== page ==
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Mary Renault (4 September 1905 – 13 December 1983), born Eileen Mary Challans, was an English writer best known for her historical novels set in Ancient Greece. In addition to vivid fictional portrayals of Theseus, Socrates, Plato and Alexander the Great, she wrote a non-fiction biography of Alexander.
In South Africa Renault was able to write forthrightly about homosexual relationships for the first time. Her sympathetic treatment of love between men won her a wide gay readership, but it also led to rumours that Renault was really a gay man writing under a female pseudonym. Renault found these rumours amusing but also sought to distance herself from being labelled a “gay writer”.
Her historical novels are all set in ancient Greece. They include a pair of novels about the mythological hero Theseus and a trilogy about the career of Alexander the Great. In a sense, The Charioteer (1953), the story of two young gay servicemen in the 1940s who try to model their relationship on the ideals expressed in Plato’s Phaedrus and Symposium, is a warm-up for Renault’s historical novels. By turning away from the 20th century and focusing on stories about male lovers in the warrior societies of ancient Greece, Renault no longer had to deal with homosexuality and anti-gay prejudice as social “problems”. Instead she was free to focus on larger ethical and philosophical concerns while examining the nature of love and leadership. The Charioteer could not be published in the U.S. until 1959, after the success of The Last of the Wine proved that American readers and critics would accept a serious gay love story.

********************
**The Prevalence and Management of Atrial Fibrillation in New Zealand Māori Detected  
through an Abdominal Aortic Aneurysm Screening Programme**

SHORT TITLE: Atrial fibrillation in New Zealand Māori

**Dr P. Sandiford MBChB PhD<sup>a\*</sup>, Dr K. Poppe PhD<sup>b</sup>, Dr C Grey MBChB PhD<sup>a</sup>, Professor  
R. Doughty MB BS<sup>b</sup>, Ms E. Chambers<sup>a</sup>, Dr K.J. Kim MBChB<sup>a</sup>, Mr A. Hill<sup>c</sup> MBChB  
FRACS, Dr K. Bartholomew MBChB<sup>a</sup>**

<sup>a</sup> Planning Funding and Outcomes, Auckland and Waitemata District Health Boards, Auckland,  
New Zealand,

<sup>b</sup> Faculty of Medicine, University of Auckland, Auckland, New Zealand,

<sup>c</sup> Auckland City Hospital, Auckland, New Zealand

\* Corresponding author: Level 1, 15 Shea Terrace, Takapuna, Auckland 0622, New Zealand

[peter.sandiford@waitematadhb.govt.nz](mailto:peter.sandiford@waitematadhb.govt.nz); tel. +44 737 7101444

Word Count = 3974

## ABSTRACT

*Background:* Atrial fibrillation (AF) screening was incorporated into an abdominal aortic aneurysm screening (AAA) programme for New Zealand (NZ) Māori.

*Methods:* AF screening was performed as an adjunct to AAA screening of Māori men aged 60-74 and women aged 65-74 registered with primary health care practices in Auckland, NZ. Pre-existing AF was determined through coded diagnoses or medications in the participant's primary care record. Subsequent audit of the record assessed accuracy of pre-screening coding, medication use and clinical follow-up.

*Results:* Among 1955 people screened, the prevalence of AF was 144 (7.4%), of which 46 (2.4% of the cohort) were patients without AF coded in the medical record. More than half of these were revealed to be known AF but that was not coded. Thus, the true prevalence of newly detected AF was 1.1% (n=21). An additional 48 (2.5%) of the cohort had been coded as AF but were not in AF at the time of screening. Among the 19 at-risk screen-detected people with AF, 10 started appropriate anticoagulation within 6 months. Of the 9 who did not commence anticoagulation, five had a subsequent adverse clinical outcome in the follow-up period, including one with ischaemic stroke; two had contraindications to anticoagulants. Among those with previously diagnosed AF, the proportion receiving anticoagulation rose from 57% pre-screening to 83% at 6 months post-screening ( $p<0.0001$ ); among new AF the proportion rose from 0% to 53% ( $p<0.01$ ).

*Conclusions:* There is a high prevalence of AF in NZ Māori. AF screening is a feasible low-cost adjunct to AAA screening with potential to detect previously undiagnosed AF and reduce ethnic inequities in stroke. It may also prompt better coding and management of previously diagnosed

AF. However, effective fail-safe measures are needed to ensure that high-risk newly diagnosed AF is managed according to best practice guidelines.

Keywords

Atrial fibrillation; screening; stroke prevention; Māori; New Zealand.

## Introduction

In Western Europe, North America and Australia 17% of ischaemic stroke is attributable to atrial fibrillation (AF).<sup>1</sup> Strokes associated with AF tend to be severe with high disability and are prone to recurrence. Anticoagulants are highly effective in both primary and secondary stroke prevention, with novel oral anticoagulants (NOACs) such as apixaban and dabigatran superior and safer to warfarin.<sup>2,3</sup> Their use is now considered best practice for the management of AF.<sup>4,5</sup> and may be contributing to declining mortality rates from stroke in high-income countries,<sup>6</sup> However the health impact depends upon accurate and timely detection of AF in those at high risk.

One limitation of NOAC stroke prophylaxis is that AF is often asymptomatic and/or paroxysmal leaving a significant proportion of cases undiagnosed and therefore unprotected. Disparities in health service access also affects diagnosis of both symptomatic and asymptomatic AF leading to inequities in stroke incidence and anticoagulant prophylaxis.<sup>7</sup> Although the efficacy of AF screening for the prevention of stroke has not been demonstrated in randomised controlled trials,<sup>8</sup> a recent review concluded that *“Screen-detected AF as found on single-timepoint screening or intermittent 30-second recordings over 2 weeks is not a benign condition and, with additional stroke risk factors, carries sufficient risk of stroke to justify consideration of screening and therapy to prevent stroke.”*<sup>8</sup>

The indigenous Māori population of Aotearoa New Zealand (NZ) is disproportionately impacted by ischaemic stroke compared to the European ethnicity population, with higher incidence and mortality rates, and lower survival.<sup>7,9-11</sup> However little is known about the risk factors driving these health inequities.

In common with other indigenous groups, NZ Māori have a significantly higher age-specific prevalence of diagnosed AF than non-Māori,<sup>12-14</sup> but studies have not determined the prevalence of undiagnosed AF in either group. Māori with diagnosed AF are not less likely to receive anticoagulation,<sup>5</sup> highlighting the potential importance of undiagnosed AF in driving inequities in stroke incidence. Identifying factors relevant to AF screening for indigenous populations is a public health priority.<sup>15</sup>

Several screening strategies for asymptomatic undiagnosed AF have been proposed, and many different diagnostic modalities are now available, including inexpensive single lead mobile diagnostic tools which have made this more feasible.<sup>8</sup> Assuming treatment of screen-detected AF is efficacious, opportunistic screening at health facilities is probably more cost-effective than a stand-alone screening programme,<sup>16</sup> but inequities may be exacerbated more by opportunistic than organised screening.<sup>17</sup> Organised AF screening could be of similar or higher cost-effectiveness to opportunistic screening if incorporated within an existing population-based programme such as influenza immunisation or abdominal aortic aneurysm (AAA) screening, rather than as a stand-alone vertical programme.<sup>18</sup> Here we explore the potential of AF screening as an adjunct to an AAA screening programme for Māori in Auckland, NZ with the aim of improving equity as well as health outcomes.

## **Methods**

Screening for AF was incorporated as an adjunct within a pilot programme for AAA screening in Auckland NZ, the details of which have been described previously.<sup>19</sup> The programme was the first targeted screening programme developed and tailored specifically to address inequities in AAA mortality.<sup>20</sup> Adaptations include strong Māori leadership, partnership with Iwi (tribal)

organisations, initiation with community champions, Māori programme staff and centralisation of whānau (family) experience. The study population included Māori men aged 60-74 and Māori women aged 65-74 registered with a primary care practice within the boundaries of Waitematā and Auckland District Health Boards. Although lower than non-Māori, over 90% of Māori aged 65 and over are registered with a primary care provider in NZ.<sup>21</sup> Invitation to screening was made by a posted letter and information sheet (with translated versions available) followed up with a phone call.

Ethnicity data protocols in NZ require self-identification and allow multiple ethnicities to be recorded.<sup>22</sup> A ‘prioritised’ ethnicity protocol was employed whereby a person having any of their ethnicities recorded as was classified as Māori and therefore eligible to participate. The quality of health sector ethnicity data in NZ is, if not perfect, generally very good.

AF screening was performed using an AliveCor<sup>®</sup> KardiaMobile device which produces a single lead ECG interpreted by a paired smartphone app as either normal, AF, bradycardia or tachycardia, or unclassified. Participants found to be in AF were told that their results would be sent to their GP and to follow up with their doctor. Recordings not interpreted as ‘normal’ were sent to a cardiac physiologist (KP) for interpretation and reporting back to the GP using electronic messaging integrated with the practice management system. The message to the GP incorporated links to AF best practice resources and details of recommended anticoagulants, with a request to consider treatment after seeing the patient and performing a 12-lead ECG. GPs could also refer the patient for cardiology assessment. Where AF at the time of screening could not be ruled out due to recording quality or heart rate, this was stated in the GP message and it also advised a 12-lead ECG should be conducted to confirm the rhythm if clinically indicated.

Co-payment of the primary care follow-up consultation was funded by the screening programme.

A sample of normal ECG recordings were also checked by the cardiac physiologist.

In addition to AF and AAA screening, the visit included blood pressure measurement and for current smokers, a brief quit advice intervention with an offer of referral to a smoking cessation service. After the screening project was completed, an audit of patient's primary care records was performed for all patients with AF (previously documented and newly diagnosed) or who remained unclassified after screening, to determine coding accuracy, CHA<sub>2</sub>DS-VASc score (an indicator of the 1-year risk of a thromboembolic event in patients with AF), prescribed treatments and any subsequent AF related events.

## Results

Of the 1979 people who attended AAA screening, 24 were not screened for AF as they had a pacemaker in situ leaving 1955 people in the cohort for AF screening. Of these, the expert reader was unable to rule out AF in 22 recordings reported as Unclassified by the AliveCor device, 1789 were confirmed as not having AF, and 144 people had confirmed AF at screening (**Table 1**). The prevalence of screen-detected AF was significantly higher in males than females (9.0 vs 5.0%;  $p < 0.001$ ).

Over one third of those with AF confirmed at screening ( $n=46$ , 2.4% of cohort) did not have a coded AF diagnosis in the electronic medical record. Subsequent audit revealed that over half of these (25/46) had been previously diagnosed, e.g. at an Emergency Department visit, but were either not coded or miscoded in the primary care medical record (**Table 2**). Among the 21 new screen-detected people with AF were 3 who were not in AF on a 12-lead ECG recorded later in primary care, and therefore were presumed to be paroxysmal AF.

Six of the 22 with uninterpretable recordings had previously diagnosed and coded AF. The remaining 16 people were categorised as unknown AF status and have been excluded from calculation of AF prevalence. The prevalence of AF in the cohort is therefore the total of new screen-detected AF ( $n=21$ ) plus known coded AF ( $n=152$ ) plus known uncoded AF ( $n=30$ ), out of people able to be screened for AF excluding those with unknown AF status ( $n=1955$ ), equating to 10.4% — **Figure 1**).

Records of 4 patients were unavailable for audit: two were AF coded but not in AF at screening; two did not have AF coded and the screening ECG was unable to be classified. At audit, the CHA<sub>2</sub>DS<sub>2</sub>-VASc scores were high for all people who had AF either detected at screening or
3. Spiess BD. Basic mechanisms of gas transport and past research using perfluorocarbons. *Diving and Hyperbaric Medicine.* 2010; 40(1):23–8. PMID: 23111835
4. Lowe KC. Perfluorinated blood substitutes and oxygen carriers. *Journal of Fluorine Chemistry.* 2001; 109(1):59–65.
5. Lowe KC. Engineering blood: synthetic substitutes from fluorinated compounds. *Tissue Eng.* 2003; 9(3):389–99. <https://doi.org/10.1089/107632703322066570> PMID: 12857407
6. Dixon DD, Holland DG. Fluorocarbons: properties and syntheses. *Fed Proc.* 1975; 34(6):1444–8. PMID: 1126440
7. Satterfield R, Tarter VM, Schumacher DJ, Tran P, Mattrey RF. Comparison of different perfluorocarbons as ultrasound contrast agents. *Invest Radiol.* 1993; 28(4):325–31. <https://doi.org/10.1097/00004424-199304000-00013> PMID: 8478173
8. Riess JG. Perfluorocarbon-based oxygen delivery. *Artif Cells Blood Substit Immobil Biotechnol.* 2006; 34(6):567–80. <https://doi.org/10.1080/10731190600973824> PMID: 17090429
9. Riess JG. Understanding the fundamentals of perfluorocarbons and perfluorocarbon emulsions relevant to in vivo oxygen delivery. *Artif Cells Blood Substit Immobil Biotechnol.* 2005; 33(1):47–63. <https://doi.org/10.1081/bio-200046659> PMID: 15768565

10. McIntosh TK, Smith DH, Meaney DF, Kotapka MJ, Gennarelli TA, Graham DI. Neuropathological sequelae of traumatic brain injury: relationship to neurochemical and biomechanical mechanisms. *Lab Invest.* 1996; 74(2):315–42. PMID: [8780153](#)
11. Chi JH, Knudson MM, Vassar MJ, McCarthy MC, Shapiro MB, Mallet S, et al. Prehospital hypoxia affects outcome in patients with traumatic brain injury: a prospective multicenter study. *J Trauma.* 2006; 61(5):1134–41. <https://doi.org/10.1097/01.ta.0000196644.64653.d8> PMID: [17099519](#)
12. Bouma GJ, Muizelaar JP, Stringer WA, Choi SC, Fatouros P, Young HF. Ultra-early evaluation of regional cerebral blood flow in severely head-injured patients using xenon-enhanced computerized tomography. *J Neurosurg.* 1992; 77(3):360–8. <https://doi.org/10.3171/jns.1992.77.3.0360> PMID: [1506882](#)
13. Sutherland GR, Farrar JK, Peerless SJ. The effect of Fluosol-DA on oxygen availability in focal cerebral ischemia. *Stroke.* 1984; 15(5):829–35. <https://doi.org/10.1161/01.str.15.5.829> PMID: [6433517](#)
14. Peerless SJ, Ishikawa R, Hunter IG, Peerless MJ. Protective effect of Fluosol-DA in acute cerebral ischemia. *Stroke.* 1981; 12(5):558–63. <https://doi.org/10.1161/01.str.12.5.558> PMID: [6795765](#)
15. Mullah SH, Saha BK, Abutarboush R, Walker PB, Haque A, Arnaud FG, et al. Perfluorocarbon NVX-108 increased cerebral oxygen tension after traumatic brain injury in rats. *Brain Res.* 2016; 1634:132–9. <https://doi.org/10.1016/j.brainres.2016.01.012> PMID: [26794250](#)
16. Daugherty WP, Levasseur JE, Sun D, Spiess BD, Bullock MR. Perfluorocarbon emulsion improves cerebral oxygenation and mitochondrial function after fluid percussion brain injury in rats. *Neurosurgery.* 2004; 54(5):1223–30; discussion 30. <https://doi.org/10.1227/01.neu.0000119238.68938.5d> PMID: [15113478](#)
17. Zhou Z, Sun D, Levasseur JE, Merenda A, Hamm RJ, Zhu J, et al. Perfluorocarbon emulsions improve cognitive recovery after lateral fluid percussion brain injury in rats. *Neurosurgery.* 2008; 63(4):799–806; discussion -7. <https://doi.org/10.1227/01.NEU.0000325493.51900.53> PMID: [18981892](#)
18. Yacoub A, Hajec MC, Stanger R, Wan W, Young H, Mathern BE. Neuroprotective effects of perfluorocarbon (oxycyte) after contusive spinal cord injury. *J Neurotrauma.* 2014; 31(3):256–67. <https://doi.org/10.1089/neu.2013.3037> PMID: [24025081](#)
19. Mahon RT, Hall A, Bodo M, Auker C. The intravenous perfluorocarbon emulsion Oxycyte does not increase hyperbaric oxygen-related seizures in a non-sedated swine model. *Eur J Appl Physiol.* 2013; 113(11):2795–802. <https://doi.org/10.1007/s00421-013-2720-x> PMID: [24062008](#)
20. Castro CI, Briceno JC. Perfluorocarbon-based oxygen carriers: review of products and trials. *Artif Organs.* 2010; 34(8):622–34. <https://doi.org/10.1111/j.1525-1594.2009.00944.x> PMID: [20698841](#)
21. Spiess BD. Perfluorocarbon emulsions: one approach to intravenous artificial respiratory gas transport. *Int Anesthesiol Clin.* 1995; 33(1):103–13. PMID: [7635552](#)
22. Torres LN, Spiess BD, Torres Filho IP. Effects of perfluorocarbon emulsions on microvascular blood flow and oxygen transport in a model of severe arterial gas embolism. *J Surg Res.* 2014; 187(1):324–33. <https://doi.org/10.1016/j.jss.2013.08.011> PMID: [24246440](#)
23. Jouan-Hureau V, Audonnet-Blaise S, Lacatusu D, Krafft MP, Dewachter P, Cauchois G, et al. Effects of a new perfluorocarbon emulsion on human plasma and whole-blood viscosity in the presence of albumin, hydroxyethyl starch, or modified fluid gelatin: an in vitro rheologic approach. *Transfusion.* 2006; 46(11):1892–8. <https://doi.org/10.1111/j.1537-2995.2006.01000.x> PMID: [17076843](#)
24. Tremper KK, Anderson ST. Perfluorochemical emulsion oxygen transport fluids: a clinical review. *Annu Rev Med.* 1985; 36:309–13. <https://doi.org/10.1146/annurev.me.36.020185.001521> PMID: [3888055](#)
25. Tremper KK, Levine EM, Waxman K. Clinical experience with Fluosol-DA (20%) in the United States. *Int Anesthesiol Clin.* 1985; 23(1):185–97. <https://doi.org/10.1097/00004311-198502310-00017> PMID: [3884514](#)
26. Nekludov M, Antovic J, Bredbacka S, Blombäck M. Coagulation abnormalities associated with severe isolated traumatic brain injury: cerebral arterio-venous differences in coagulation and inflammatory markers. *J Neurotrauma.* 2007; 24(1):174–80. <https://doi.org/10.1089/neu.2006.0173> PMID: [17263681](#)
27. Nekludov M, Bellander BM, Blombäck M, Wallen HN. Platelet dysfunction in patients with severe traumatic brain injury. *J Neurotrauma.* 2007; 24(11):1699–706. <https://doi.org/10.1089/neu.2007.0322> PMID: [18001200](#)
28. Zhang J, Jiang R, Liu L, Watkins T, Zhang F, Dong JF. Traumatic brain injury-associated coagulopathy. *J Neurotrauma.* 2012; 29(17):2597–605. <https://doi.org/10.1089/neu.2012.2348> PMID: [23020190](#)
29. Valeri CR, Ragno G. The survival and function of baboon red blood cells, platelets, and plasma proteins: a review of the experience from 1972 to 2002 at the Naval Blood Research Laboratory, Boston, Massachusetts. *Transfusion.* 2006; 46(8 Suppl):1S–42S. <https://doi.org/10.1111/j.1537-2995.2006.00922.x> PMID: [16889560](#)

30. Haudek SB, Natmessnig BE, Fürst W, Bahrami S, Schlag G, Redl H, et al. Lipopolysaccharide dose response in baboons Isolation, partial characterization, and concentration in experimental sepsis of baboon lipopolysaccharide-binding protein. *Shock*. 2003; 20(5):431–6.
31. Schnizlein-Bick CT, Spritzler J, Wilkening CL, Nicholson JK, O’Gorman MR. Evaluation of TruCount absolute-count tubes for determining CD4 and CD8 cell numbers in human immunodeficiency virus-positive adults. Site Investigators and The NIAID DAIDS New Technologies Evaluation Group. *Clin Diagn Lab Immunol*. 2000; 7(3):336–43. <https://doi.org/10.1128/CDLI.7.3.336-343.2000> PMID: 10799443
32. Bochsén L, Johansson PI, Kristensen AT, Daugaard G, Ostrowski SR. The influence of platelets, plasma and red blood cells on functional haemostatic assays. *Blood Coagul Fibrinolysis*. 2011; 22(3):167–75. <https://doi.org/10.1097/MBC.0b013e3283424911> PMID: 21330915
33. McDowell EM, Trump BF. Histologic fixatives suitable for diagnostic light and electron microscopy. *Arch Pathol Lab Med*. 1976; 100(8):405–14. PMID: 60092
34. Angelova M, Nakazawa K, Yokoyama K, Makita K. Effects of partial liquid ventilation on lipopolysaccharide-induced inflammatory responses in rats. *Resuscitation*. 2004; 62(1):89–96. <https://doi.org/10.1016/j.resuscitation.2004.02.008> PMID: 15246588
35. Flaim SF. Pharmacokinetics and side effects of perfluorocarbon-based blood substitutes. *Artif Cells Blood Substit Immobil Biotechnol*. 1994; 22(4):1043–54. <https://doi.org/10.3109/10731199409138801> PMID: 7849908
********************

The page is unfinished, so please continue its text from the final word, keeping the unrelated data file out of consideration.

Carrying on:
Although not a classicist by training, Renault was admired in her day for her scrupulous recreations of the ancient Greek world. Some of the history presented in her fiction and in her non-fiction work, The Nature of Alexander has been called into question, however. Her novels about Theseus rely on the controversial theories of Robert Graves, and her portrait of Alexander has been criticized as uncritical and romanticized. According to Kevin Kopelson, professor of English at the University of Iowa, Renault “mischaracterize[s] pederastic relationships as heroic.” Defying centuries of admiration for Demosthenes as a great orator, Renault portrayed him as a cruel, corrupt and cowardly demagogue. Renault defended her interpretation of the available sources in author’s notes attached to her books.
Though Renault appreciated her gay following, she was uncomfortable with the “gay pride” movement that emerged in the 1970s after the Stonewall riots. Like Laurie Odell, the protagonist of The Charioteer, she was suspicious of identifying oneself primarily by one’s sexual orientation. Late in her life she expressed hostility to the gay rights movement, troubling some of her fans. David Sweetman remarks in his biography of Renault that her novels generally portray mothers in a poor light and that, particularly in her later novels, this is extended to women in general. Her generally negative depiction of women has also been noted by the critic Carolyn Heilbrun.
The powerful impact Renault’s work may have had on many readers, especially emerging young gay men, is suggested in a moving personal memoir by author and critic Daniel Mendelsohn.